By: Rob Natelson
Does the Constitution’s right to keep and bear arms apply to everyone? Or only to law enforcement and the National Guard? Does the right include so-called “assault weapons?”
A newly published document from America’s founding offers a clue.
When interpreting the Constitution, judges and scholars consider what people said about the document around the time it was adopted. Writings by the Constitution’s advocates explaining its meaning to the general public are particularly helpful, because Americans relied on those explanations in deciding to ratify the document.
The most famous writings of this kind were penned by Alexander Hamilton, James Madison, and John Jay and collected as “The Federalist.” But there were many others. Among the most important were newspaper op-eds produced by Tench Coxe.
Few people know of Coxe today, but during the founding era he was famous. He served in the Confederation Congress. After the Constitution was ratified he became our first assistant secretary of the treasury, working directly under Alexander Hamilton.
Public release of the proposed Constitution on Sept. 17, 1787 ignited a massive public debate. Opponents argued that if the instrument were ratified it would create an all-powerful central government. Coxe supported the Constitution — and like Hamilton, Madison, and Jay, he was frustrated by opponents’ misrepresentations.
Coxe wrote a series of op-eds to accurately explain the Constitution’s legal effect. His informal style was much easier to understand than the scholarly tone of The Federalist, and his articles became extremely popular.
Many of Coxe’s op-eds were republished long ago, but new ones sometimes surface. The editors of the Documentary History of the Ratification of the Constitution recently issued new volumes that include four productions by Coxe previously known to only a few dedicated scholars.
In a Pennsylvania Gazette article published February 20, 1788, Coxe addressed the right to keep and bear arms: “The power of the sword, [opponents] say … is in the hands of Congress. My friends and countrymen, it is not so, for THE POWERS OF THE SWORD ARE IN THE HANDS OF THE YEOMANRY OF AMERICA FROM SIXTEEN TO SIXTY … Who are the militia? are they not ourselves[?].”
Coxe added, “The unlimited power of the sword is not in the hands of either the federal or state governments, but where I trust in God it will ever remain, in the hands of the people.”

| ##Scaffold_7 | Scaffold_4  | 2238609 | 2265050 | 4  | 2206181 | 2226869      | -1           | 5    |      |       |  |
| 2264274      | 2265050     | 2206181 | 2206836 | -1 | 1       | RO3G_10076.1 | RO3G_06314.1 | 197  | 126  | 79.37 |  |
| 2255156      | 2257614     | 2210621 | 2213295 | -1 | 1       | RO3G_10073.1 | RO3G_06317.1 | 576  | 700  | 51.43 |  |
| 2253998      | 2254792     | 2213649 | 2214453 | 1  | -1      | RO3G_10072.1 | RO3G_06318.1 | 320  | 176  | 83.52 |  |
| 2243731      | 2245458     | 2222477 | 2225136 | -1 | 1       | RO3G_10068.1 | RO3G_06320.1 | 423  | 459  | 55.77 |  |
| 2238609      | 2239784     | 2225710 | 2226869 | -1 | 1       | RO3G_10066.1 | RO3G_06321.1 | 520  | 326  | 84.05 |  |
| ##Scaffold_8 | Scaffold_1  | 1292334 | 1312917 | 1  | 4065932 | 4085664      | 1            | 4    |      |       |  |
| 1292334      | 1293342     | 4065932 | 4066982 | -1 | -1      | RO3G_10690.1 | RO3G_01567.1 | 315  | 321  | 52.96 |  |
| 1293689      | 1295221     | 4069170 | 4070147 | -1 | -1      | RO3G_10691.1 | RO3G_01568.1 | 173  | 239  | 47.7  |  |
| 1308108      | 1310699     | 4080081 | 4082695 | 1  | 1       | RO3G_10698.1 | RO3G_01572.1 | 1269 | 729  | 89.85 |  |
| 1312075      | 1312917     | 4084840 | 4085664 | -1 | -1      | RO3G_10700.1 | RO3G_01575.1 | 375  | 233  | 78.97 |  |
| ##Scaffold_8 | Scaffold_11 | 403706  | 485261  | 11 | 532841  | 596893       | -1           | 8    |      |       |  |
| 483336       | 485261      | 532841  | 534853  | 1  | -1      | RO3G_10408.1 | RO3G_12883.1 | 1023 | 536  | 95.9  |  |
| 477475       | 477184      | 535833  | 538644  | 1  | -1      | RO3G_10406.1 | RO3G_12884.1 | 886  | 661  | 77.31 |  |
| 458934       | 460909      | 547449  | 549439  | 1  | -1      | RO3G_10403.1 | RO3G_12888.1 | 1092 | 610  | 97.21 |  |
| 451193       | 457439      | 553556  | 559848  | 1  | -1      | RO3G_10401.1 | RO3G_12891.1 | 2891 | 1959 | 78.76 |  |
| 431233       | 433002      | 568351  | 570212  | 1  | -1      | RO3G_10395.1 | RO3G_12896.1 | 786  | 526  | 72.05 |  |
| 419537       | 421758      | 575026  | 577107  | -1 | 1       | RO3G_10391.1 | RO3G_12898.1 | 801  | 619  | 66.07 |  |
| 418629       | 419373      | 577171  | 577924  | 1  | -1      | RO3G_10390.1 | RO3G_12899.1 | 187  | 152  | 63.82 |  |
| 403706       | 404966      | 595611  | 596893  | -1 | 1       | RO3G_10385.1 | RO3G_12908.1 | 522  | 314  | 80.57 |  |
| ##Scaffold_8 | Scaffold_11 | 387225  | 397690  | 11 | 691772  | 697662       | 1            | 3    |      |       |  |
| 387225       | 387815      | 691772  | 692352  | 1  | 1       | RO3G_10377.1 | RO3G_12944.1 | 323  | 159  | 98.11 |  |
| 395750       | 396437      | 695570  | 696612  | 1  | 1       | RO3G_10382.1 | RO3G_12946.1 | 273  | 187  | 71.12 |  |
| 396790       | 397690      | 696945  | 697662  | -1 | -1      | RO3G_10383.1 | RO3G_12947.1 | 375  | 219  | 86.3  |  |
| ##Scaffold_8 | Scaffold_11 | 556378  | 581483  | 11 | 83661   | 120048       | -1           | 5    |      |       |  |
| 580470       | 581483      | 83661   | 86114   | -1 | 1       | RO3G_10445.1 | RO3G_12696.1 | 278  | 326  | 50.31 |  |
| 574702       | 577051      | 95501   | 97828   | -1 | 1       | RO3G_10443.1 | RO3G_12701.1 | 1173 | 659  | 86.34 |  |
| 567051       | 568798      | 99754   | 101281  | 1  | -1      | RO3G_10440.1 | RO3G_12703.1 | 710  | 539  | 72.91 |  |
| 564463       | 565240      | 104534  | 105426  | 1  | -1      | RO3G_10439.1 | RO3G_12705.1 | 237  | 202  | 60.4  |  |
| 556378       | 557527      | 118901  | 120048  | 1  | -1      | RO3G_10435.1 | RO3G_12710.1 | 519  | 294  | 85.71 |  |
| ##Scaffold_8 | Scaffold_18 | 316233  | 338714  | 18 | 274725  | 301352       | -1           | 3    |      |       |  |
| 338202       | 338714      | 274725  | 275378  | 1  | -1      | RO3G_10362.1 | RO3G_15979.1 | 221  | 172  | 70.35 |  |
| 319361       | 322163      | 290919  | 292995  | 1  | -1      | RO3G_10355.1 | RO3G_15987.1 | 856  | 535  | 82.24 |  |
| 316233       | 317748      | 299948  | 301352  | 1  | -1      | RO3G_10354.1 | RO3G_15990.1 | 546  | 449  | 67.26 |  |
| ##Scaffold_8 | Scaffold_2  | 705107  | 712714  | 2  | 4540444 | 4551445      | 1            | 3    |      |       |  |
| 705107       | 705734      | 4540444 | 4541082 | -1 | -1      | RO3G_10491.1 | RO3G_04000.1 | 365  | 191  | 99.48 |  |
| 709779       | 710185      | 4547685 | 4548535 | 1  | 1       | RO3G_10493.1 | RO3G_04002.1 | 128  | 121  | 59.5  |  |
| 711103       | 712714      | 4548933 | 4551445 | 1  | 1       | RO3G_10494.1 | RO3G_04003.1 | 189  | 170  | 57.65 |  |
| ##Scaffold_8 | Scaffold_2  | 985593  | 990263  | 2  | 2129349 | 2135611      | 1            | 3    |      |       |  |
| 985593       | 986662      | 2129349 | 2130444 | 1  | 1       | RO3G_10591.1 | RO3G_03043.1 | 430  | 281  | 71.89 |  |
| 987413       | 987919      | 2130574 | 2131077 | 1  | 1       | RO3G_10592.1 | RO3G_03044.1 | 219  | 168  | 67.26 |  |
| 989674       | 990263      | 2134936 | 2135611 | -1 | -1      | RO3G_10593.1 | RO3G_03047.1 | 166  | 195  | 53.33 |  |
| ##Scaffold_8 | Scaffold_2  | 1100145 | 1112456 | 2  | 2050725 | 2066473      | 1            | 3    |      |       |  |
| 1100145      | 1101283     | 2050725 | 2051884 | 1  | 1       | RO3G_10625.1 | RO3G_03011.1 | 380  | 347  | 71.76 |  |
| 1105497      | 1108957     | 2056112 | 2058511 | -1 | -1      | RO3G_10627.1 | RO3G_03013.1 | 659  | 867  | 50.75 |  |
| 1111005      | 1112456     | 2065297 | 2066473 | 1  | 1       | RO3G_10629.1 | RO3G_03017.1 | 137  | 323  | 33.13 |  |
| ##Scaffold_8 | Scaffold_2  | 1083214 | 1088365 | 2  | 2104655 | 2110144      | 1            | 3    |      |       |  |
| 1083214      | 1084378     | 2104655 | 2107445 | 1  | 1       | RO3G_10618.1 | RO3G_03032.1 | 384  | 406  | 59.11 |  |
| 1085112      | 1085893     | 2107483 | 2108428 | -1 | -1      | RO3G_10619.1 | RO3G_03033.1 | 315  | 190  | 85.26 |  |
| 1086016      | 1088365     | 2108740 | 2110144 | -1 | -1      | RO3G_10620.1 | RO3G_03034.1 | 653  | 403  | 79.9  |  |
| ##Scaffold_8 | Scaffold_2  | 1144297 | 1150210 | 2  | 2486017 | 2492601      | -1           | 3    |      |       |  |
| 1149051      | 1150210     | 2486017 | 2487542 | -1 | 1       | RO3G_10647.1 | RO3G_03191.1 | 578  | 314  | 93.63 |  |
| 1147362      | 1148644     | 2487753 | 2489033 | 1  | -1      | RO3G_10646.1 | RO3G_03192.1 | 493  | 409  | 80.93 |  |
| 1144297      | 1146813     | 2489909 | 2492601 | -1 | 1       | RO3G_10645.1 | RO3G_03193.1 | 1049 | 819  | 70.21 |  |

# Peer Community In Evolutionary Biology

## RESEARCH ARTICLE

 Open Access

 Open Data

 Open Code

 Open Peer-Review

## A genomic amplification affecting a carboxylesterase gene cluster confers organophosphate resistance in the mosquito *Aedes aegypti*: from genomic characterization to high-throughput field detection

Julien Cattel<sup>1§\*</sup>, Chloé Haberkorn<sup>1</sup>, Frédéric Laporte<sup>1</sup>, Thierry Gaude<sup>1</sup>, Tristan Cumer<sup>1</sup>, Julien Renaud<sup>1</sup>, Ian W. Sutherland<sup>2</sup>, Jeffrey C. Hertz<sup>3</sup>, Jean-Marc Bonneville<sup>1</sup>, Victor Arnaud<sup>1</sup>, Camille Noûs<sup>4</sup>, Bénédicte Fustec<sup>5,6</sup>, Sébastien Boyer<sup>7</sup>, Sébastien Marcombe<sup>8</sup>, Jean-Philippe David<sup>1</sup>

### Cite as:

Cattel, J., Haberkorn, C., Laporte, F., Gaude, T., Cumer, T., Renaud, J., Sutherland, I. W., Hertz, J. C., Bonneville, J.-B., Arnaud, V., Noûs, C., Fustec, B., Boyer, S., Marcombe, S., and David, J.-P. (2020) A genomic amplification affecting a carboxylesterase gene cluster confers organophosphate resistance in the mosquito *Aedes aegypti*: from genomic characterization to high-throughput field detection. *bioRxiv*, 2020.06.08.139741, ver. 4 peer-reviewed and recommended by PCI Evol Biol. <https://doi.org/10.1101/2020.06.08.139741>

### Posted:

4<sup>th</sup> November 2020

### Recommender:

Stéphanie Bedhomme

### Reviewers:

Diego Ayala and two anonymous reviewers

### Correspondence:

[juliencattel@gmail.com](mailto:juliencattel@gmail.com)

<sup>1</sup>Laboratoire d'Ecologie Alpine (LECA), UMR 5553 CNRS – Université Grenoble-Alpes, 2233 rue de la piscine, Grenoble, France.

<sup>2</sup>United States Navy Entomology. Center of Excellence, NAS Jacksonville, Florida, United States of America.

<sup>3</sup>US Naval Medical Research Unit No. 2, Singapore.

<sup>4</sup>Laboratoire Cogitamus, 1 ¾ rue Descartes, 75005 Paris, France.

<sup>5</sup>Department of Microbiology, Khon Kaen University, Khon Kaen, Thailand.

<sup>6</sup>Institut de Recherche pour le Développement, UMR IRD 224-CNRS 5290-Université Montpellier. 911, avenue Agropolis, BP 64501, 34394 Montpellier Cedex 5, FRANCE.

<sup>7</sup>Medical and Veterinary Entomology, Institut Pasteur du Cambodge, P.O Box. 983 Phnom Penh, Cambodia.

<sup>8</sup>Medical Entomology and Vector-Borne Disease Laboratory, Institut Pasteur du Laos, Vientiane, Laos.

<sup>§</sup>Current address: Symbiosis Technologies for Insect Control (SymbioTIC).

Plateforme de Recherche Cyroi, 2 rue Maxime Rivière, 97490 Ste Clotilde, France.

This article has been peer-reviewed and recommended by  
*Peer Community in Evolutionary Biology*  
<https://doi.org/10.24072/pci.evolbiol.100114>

In other words, all able-bodied adult men have the right to keep and bear arms — not just law enforcement and the military. (Since ratification of the 14th Amendment, women also possess the right.)
Coxe also addressed the kinds of arms included: “Their swords, and every other terrible implement of the soldier, are the birth-right of an American.” In other words, the right to keep and bear includes military arms, not just hunting pieces. Rifles such as the AR-15 (misleadingly branded “assault weapons”) are protected — not despite the fact that they are military weapons, but precisely because they are military weapons!
Coxe’s view is hardly surprising to those of us who study the founders: The Revolutionary War had ended only five years before. If American citizens had not possessed military-style weapons, we would have lost.
Coxe wrote further, “Congress have no power to disarm the militia. What clause in the state or federal constitution hath given away that important right[?]”
This passage was composed well before the Second Amendment was proposed. Even then, Congress had no power to disarm the people. This was part of Coxe’s wider argument that federal powers were strictly limited. In other op-eds, Coxe listed many other matters outside the federal sphere and reserved exclusively to the states: education, social services, agriculture, most business regulation, and others.
Despite the fact that Americans relied on such representations when ratifying the Constitution, the federal government now asserts almost unlimited authority. Since politicians always seek to expand their power, that is understandable. Unfortunately, writers on the Constitution often pervert history and constitutional meaning to provide “cover” to the politicians. An example is the ludicrous claim — promoted by some leading law professors — that the Constitution’s Commerce Clause granted Congress vast power over our national life.
Tench Coxe’s writings provide a useful corrective. They are valuable reading for anyone who wants to understand what the Constitution actually says.